Scientists often associated the anthropic principle with the idea that the universe was created many times until the final success.  It was not clear who did it and why was it necessary to make the universe suitable for our existence.  Moreover, it would be much simpler to create proper conditions for our existence in small vicinity of a solar system rather than in the whole universe.  Why would one need to work so hard?

Fortunately, most of the problems associated with the anthropic principle were resolved (Linde, 1983a,1984b,1986a) soon after the invention of inflationary cosmology[11].




10 Does consciousness matter?


A good starting point for our brief discussion of consciousness is quantum cosmology, the theory that tries to unify cosmology and quantum mechanics.

If quantum mechanics is universally correct, then one may try to apply it to the universe in order to find its wave function[12].  This would allow us find out which events are probable and which are not.  However, it often leads to paradoxes.  For example, the essence of the Wheeler-DeWitt equation (DeWitt, 1967), which is the Schrödinger equation for the wave function of the universe, is that this wave function does not depend on time, since the total Hamiltonian of the universe, including the Hamiltonian of the gravitational field, vanishes identically.  This result was obtained in 1967 by Bryce DeWitt.  Therefore if one would wish to describe the evolution of the universe with the help of its wave function, one would be in trouble:  The universe as a whole does not change in time.

The resolution of this paradox suggested by Bryce DeWitt is rather instructive (DeWitt, 1967).  The notion of evolution is not applicable to the universe as a whole since there is no external observer with respect to the universe, and there is no external clock that does not belong to the universe.  However, we do not actually ask why the universe as a whole is evolving.  We are just trying to understand our own experimental data.  Thus, a more precisely formulated question is why do we see the universe evolving in time in a given way.  In order to answer this question one should first divide the universe into two main pieces: i) an observer with his clock and other measuring devices and ii) the rest of the universe.  Then it can be shown that the wave function of the rest of the universe does depend on the state of the clock of the observer, i.e. on his 'time'.  This time dependence in some sense is 'objective': the results obtained by different (macroscopic) observers living in the same quantum state of the universe and using sufficiently good (macroscopic) measuring apparatus agree with each other.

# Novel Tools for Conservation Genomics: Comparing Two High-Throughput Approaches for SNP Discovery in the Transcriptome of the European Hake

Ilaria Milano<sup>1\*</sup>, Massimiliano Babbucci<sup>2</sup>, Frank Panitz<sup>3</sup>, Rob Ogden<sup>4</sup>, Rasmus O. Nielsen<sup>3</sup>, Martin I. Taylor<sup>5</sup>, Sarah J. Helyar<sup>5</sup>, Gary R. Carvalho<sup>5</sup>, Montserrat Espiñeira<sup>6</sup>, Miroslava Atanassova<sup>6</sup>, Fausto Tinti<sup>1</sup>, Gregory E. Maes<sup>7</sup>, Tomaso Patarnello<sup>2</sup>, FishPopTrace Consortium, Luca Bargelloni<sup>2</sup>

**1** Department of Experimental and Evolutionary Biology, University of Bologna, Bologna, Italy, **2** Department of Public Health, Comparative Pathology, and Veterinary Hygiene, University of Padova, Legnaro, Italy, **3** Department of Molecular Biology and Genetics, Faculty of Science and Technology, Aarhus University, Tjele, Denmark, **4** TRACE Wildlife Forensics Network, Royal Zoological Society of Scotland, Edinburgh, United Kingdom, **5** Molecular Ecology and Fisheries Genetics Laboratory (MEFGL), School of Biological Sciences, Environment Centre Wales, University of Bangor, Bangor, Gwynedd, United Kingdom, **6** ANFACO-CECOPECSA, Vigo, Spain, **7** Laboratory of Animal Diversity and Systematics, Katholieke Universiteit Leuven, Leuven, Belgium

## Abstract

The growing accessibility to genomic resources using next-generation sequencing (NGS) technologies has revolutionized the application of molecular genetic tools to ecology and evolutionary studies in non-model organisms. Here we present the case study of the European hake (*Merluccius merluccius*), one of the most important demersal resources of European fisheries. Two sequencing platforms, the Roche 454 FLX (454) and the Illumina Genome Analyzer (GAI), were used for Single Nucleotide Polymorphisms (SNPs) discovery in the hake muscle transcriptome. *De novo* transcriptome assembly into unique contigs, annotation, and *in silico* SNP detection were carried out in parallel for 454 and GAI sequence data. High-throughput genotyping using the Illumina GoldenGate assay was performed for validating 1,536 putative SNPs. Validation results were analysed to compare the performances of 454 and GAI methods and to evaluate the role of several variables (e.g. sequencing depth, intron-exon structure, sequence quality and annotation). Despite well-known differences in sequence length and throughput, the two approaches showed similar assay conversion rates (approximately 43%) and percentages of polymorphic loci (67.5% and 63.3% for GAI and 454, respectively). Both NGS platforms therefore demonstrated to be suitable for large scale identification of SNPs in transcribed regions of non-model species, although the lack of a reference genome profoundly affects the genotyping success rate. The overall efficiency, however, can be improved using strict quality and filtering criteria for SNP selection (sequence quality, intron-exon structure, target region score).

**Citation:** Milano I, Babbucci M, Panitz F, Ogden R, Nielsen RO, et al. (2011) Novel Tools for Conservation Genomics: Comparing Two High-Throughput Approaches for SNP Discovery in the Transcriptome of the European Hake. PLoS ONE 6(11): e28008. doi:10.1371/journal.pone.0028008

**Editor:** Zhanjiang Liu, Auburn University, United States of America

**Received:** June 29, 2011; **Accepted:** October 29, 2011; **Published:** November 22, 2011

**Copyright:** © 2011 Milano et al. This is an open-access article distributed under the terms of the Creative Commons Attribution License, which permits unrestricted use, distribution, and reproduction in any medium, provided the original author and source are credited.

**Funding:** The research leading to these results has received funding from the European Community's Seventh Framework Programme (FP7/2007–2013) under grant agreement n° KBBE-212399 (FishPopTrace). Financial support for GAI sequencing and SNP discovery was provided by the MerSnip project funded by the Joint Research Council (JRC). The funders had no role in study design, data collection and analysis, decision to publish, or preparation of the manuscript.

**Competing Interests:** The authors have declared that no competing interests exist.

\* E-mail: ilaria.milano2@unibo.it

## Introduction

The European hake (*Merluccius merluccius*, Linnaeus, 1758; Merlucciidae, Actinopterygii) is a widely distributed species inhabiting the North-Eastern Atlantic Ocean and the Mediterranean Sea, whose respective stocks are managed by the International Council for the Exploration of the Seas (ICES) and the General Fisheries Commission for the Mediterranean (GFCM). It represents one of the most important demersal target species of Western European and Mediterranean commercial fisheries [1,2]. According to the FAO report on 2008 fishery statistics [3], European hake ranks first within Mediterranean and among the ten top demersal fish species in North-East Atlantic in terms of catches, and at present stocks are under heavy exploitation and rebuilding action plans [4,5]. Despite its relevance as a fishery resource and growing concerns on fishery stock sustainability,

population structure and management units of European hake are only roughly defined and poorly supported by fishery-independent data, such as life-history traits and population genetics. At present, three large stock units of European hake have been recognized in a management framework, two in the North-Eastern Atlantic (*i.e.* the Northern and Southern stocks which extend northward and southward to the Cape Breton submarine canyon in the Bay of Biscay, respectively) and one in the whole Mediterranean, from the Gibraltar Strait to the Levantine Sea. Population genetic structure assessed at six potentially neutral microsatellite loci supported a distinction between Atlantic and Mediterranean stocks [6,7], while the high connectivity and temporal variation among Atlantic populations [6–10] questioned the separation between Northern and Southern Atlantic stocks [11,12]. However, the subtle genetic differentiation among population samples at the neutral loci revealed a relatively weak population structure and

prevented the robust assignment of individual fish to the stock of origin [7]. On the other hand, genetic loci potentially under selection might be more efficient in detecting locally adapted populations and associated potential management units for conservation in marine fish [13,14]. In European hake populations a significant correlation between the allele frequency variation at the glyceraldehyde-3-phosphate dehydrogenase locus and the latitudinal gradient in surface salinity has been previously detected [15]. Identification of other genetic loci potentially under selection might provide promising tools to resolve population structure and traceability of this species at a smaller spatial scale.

Thus we see that without introducing an observer, we have a dead universe, which does not evolve in time.  This example demonstrates an unusually important role played by the concept of an observer in quantum cosmology.  John Wheeler underscored the complexity of the situation, replacing the word observer by the word participant, and introducing such terms as a 'self-observing universe'.

Most of the time, when discussing quantum cosmology, one can remain entirely within the bounds set by purely physical categories, regarding an observer simply as an automaton, and not dealing with questions of whether he/she/it has consciousness or feels anything during the process of observation.  This limitation is harmless for many practical purposes.  But we cannot rule out the possibility that carefully avoiding the concept of consciousness in quantum cosmology may lead to an artificial narrowing of our outlook.